If we had more people like Carnegie, the original JP Morgan, and other powerful and wealthy Americans I might agree with you more on infrastructure. Those men, despite their negatives, built roads, bridges, museums, and more- partly out of self interest, but partly from real pride of giving back to the nation that had made them wealthy. Too many of our modern wealthy, the alleged job creators, hoard their money to protect their companies from hostile takeovers and to invest in hyper trading and other financial, not structural, adventures. Even Bill Gates and Warren Buffett who have given billions to many causes, have not, to my knowledge, created any jobs in the USA not having to do with the companies that made them wealthy. Are there any Buffett Bridges? Gates Dams? I don’t know of any. Though they may eradicate malaria in our lifetime and that’s not a small thing.
    ^
    I believe there are many sources of cheap and sustainable power, but I also believe there are people who have a vested interest in keeping legislators in power who will do everything they can to prevent such technologies from growing. I believe there are patents sitting in vaults that could change the world, but the people who acquired those patents are just sitting on them. I already said I support safe nuclear energy built with safety in mind. I just want them to know what they are going to do with the waste that is equally safe and long term.
    Enoki, I hope you can see that I agree with you more than I disagree. We just need to work out the details. Thank you for your reply and the courtesy in which you presented it.
    Sincerely,
    C.

  11. jack75287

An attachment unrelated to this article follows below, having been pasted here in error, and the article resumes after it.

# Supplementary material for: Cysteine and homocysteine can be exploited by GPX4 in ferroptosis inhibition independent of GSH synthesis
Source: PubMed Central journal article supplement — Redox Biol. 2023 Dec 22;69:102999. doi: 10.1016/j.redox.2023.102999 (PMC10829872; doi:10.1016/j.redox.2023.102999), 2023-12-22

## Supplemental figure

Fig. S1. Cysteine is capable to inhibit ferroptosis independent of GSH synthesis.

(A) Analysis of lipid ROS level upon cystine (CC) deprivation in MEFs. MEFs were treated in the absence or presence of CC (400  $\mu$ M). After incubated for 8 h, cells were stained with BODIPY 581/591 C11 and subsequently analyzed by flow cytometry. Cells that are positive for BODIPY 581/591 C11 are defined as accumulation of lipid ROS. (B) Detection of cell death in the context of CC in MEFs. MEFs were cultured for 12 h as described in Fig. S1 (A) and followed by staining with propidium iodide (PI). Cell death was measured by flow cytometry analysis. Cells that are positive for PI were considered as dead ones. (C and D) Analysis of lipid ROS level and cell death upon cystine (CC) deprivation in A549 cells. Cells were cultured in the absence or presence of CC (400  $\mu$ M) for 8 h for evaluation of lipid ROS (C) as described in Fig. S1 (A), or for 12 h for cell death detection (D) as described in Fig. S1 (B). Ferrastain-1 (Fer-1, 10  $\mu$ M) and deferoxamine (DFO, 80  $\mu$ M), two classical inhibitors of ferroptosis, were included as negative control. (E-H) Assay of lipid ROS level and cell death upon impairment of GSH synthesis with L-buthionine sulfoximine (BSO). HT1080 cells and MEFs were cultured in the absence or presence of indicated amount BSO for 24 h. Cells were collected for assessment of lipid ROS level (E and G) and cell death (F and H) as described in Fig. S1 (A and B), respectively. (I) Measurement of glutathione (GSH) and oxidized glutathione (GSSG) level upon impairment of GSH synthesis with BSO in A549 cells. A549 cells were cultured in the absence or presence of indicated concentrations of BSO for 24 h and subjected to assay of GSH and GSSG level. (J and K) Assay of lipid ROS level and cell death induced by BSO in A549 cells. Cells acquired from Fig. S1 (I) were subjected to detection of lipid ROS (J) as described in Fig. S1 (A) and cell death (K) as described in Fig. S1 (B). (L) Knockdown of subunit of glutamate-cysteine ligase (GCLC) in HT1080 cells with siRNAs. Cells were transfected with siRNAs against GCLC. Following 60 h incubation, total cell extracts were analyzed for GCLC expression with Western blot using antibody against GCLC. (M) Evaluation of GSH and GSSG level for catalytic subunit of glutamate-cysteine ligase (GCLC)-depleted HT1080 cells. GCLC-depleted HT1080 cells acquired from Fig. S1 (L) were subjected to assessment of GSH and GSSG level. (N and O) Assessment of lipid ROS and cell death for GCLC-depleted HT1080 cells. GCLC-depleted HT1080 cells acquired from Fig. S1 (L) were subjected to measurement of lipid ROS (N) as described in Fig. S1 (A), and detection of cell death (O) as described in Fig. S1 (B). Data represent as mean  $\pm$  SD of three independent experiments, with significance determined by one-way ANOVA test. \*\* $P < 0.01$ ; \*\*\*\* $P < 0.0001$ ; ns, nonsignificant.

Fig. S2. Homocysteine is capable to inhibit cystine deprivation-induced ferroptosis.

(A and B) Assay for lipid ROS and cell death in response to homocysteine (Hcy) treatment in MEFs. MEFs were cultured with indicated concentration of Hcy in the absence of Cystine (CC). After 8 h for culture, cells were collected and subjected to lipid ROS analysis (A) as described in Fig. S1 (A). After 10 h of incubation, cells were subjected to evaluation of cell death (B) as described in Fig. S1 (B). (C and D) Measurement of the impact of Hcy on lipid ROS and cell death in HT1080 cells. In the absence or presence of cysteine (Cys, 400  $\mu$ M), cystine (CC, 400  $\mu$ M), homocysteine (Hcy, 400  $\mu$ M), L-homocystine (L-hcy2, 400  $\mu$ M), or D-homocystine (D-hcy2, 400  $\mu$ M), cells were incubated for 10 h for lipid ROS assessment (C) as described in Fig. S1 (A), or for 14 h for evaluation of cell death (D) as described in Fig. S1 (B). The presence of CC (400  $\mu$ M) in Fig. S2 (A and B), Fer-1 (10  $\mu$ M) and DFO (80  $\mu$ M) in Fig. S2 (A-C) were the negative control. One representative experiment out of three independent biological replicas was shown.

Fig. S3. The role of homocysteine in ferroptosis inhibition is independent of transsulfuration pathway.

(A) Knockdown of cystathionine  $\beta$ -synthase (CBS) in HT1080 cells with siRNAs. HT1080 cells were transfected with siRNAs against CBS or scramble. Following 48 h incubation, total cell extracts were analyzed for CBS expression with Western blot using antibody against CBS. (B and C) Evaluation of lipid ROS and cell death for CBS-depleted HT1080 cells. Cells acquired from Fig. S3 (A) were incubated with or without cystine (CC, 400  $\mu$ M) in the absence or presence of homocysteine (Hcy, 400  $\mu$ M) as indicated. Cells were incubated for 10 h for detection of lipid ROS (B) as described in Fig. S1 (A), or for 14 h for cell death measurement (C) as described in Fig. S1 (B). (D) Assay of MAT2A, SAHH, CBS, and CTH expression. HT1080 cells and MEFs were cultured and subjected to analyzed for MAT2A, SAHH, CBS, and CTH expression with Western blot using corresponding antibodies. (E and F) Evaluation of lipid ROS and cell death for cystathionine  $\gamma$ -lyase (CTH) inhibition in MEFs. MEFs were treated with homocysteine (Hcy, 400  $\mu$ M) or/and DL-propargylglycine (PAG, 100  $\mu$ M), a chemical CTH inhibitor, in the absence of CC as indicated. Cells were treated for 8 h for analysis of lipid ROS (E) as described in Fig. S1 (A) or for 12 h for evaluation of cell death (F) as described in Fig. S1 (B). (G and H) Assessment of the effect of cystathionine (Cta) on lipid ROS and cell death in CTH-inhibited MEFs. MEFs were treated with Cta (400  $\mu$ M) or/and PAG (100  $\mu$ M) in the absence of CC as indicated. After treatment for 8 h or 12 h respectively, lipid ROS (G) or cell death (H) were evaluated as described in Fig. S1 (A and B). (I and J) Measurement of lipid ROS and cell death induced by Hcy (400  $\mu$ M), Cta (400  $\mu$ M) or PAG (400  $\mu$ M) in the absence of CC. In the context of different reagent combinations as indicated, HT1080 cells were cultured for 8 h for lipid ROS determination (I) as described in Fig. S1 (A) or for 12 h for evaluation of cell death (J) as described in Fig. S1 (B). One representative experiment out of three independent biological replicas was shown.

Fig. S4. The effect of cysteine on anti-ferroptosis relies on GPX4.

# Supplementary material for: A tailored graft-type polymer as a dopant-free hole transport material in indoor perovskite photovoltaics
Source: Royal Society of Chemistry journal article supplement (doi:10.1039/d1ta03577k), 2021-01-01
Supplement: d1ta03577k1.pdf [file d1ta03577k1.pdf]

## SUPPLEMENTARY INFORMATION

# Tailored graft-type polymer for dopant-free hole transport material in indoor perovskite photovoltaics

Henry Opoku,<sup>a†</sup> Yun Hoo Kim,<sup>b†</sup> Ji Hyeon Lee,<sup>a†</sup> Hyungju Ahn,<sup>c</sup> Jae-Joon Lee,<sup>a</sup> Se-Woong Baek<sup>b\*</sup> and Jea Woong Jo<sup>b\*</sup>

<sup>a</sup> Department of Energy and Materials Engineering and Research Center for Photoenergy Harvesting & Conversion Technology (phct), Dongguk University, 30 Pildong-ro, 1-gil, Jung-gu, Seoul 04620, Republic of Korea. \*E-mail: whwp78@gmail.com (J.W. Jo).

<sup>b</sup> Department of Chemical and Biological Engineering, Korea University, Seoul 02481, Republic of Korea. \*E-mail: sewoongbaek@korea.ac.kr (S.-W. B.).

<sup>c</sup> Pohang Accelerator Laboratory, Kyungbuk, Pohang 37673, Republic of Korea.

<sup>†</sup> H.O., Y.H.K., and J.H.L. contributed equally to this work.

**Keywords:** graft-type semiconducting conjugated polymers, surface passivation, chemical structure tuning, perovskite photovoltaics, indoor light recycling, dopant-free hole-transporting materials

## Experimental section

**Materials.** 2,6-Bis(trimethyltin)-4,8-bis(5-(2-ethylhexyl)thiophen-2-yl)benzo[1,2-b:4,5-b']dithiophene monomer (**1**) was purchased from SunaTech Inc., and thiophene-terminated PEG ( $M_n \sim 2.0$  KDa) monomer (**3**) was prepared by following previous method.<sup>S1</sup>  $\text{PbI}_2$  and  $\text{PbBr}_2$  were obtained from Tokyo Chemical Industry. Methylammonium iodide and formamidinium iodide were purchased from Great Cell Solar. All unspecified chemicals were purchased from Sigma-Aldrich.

jack75287 said, about 3 years ago

    @Doughfoot

    First the only ones who even talk about trickle down anymore is the left, second it worked at the time, third all you points are fine but there are 20 mil carpenter jobs, electricians and plumper positions open. Get on the phone and find one.

  12. wbr

    wbr said, about 3 years ago

    hairy reid and a shovel

  13. PianoGuy24

    PianoGuy24 GoComics PRO Member said, about 3 years ago

    “The goal of the GOP is based on demonizing those who are voiceless”
    .
    The Dems that you seem to agree with KILL the most INNOCENT of the voiceless via abortion.

  14. Enoki

    Enoki said, about 3 years ago

    TTM there’s a lot there to reply to. I’ll try to get an answer out if I can. Thanks for your understanding on that.

  15. Respectful Troll

    Respectful Troll said, about 3 years ago

    @Enoki

    Enoki, if you ever wish to continue the discussion outside of the “sandbox” and schedule of the cartoonists, feel free to email me at sanesaint@hotmail.com. I created it in order to carry on good discussions with thoughtful minds.
    ^
    On the topic of continuing education and not affording it, I offer the following tool.
    ^
    https://www.khanacademy.org/
    ^
    It is free and it is helping me improve my abysmal math skills. It also offers instruction in many other things and, IMO, everyone should look at it. If not for themselves, then for their friends and family who could benefit.
    This is my early gift to any who wish to improve themselves in the areas offered.
    ^
    In addition, a gentleman I met today introduced me to this website.
    ^
    https://www.coursera.org/
    ^
    The man has three degrees from his younger days, and is actively using coursera to learn more. I have not used it, but hope to try it out this week.
    Respectfully,
    C.